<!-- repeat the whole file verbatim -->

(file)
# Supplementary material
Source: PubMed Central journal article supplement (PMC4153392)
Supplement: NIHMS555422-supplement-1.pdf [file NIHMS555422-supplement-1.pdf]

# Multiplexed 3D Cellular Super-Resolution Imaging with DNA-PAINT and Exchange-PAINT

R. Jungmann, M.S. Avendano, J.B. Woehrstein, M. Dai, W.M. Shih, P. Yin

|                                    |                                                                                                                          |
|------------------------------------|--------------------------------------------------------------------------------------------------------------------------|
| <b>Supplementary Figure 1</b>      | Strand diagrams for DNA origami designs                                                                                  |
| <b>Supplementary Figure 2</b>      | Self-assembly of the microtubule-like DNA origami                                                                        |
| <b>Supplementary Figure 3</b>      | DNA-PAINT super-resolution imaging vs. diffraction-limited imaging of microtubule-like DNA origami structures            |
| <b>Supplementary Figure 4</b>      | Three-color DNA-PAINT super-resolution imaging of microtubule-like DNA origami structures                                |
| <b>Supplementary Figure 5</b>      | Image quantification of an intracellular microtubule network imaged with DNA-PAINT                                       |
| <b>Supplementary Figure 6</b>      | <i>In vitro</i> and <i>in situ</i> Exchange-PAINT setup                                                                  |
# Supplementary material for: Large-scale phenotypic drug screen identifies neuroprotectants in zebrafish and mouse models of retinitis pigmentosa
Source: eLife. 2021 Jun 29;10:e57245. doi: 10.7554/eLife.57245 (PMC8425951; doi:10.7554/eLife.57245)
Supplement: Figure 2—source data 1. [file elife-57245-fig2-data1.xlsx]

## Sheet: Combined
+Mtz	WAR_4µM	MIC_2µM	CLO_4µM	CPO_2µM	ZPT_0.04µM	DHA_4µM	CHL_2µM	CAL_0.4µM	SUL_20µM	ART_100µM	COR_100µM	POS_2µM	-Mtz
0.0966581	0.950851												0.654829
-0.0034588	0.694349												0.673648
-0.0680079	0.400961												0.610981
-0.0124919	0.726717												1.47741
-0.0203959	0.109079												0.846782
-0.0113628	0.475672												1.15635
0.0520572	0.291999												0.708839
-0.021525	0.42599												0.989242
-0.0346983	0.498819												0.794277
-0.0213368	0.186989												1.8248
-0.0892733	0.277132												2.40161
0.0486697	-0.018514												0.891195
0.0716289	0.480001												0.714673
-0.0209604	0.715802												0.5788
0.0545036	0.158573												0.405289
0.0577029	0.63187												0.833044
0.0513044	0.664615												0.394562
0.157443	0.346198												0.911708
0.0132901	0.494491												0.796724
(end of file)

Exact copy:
# Supplementary material
Source: PubMed Central journal article supplement (PMC4153392)
Supplement: NIHMS555422-supplement-1.pdf [file NIHMS555422-supplement-1.pdf]

# Multiplexed 3D Cellular Super-Resolution Imaging with DNA-PAINT and Exchange-PAINT

R. Jungmann, M.S. Avendano, J.B. Woehrstein, M. Dai, W.M. Shih, P. Yin

|                                    |                                                                                                                          |
|------------------------------------|--------------------------------------------------------------------------------------------------------------------------|
| <b>Supplementary Figure 1</b>      | Strand diagrams for DNA origami designs                                                                                  |
| <b>Supplementary Figure 2</b>      | Self-assembly of the microtubule-like DNA origami                                                                        |
| <b>Supplementary Figure 3</b>      | DNA-PAINT super-resolution imaging vs. diffraction-limited imaging of microtubule-like DNA origami structures            |
| <b>Supplementary Figure 4</b>      | Three-color DNA-PAINT super-resolution imaging of microtubule-like DNA origami structures                                |
| <b>Supplementary Figure 5</b>      | Image quantification of an intracellular microtubule network imaged with DNA-PAINT                                       |
| <b>Supplementary Figure 6</b>      | <i>In vitro</i> and <i>in situ</i> Exchange-PAINT setup                                                                  |
# Supplementary material for: Large-scale phenotypic drug screen identifies neuroprotectants in zebrafish and mouse models of retinitis pigmentosa
Source: eLife. 2021 Jun 29;10:e57245. doi: 10.7554/eLife.57245 (PMC8425951; doi:10.7554/eLife.57245)
Supplement: Figure 2—source data 1. [file elife-57245-fig2-data1.xlsx]

## Sheet: Combined
+Mtz	WAR_4µM	MIC_2µM	CLO_4µM	CPO_2µM	ZPT_0.04µM	DHA_4µM	CHL_2µM	CAL_0.4µM	SUL_20µM	ART_100µM	COR_100µM	POS_2µM	-Mtz
0.0966581	0.950851												0.654829
-0.0034588	0.694349												0.673648
-0.0680079	0.400961												0.610981
-0.0124919	0.726717												1.47741
-0.0203959	0.109079												0.846782
-0.0113628	0.475672												1.15635
0.0520572	0.291999												0.708839
-0.021525	0.42599												0.989242
-0.0346983	0.498819												0.794277
-0.0213368	0.186989												1.8248
-0.0892733	0.277132												2.40161
0.0486697	-0.018514												0.891195
0.0716289	0.480001												0.714673
-0.0209604	0.715802												0.5788
0.0545036	0.158573												0.405289
0.0577029	0.63187												0.833044
0.0513044	0.664615												0.394562
0.157443	0.346198												0.911708
0.0132901	0.494491												0.796724